How scientists can use insects to fight superbugs

The microbes living inside insects could help scientists fight antibiotic-resistant bacteria, NPR reports.

Scientists have uncovered dozens of microorganisms living in or on insects that produce antimicrobial compounds. Some of these compounds may hold the key to creating new antibiotic drugs.

"There is a growing demand [for antibiotics], and a diminishing supply," said Gerry Wright, PhD, who directs the institute for infectious disease research at McMaster University in Ontario, Canada.

Most antibiotic drugs were discovered from bacteria living in the soil. But Cameron Currie, PhD, professor of bacteriology at the University of Wisconsin-Madison, said looking to soil for new antibiotics has become increasingly futile.

Dr. Currie and a team of 28 researchers recently published a paper in Nature Communications that found some of the bacteria living in insects are successful at killing the germs that make people ill.

"There's an estimated 10 million species [of insects] on the planet," Dr. Currie said. "That implies a huge potential for a lot of new [antibiotic] compounds."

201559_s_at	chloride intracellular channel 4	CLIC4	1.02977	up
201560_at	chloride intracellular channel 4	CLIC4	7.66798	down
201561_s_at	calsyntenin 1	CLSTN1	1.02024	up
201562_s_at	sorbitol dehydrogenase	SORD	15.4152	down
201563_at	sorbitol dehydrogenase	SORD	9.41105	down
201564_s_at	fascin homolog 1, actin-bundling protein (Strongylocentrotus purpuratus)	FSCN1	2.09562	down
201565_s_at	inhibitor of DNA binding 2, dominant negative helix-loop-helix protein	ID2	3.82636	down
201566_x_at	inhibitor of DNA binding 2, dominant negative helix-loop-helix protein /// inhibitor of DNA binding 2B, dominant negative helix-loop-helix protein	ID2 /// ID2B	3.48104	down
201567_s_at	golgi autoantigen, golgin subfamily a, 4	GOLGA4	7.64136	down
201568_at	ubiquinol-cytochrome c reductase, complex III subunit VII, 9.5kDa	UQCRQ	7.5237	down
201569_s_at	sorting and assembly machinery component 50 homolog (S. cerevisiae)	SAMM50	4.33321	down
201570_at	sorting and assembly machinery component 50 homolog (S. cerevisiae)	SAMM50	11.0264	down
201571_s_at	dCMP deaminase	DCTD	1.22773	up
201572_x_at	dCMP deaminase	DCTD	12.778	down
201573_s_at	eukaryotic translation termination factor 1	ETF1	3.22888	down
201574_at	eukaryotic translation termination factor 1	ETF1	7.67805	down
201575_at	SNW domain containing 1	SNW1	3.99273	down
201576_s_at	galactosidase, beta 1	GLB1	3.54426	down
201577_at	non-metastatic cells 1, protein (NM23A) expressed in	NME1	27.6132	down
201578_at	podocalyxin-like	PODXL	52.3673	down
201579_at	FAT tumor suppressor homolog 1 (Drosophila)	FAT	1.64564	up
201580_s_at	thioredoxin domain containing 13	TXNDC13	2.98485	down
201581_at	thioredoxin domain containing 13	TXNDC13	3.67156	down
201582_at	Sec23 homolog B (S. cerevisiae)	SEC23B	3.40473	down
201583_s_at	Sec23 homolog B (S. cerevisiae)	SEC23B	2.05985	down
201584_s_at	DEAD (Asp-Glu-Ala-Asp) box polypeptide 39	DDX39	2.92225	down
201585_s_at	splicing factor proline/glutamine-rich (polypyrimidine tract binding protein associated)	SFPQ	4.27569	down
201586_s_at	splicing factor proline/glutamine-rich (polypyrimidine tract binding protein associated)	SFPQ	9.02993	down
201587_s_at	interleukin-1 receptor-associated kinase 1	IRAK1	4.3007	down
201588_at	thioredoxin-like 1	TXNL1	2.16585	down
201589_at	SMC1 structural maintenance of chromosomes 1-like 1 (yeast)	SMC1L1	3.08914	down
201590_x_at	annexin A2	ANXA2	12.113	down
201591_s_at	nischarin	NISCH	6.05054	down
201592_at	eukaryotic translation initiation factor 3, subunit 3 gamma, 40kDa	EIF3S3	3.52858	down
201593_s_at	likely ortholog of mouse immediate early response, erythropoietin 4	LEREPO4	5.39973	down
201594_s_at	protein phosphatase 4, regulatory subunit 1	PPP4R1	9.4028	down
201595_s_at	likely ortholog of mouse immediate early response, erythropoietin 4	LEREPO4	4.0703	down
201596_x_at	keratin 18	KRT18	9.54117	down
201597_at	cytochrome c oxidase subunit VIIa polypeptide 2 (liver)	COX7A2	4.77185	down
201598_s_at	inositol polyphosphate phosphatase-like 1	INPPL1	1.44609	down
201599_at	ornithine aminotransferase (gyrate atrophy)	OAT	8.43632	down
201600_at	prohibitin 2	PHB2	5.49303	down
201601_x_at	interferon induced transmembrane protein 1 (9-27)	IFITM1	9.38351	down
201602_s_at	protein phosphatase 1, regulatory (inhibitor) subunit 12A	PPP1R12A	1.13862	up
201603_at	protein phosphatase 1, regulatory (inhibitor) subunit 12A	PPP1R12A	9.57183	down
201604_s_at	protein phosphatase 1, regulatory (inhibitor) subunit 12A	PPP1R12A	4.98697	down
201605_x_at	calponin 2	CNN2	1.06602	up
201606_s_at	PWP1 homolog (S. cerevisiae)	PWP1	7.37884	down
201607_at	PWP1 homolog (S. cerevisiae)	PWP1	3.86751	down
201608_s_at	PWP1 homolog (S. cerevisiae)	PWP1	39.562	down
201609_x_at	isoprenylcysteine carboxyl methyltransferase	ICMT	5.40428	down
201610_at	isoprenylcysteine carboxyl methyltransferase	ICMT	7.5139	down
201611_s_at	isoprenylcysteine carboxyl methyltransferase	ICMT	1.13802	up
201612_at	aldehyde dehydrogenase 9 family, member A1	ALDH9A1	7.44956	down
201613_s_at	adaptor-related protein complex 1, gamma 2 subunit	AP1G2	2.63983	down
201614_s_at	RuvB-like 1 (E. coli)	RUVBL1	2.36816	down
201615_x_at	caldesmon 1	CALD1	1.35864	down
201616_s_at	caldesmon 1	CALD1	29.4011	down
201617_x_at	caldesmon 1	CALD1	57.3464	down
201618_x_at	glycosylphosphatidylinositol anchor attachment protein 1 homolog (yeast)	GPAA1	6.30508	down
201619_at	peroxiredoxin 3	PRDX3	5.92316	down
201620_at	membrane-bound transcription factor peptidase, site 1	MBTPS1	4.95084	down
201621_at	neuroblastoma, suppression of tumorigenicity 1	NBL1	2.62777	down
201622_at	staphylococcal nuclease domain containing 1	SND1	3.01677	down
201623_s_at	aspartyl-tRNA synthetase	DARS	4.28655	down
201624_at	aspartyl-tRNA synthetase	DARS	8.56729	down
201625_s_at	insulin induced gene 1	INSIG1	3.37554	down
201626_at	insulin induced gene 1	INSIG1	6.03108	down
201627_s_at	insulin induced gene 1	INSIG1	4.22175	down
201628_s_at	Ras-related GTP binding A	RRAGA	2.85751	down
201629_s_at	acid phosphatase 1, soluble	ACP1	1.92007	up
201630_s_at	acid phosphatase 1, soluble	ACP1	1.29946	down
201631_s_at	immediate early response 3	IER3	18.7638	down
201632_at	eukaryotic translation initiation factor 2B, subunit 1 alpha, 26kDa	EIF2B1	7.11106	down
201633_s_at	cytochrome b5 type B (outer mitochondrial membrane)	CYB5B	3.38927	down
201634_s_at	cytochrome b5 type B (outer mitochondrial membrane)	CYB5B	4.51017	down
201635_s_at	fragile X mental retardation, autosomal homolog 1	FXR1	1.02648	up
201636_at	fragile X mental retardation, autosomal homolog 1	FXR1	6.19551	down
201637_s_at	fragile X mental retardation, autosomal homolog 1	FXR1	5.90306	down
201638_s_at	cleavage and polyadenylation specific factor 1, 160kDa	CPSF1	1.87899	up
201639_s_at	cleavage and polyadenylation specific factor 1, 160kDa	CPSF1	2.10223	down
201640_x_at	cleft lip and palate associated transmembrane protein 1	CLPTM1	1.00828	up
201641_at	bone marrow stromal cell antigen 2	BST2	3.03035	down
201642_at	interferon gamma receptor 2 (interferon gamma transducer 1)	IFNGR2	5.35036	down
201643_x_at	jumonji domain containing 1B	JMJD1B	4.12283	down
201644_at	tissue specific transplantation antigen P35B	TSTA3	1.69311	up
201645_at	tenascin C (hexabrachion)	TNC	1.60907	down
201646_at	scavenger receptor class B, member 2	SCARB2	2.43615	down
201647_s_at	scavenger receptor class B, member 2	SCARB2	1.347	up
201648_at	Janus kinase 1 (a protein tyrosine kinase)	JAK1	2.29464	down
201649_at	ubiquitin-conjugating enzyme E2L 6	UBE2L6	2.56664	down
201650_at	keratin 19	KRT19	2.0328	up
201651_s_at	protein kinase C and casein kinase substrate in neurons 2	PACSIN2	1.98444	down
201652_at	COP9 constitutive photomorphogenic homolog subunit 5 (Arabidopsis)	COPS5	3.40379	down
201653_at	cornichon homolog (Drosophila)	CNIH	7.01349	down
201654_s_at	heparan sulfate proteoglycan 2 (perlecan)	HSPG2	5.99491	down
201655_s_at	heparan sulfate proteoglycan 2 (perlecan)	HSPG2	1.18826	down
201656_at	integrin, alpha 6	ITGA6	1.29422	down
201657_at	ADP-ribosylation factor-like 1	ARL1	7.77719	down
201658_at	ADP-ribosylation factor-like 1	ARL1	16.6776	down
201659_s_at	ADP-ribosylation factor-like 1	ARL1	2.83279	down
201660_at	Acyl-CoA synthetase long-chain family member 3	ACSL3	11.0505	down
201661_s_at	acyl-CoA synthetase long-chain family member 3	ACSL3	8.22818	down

The research team tested bacteria from each insect to find whether the bacteria could kill common human pathogens, including Escherichia coli and methicillin-resistant Staphylococcus aureus. They then compared the results from strains of insect bacteria to strains drawn from plants and soil.

"We were really surprised that [insect strains] were not just as good, but apparently better at inhibiting [pathogens]," Dr. Currie said.

Dr. Currie's team found dozens of promising bacterial strains in insects that could have an ingredient to use for new antibiotic compound.

The researchers isolated one compound from a promising bacterial strain and showed that it could inhibit fungal infections in mice, an important step in drug development.

The compound, cyphomycin, is found on Brazilian fungus-farming ants. Although the drug is far from being approved, the research indicates antibiotic compounds new to science can be isolated from insects.

More articles on clinical leadership & infection control:
48 states report widespread flu activity: 5 things to know
Drug use may be driving jump in syphilis infections
OCD drug may help treat sepsis, study finds

© Copyright ASC COMMUNICATIONS 2021. Interested in LINKING to or REPRINTING this content? View our policies by clicking here.

 

Featured Whitepapers

Featured Webinars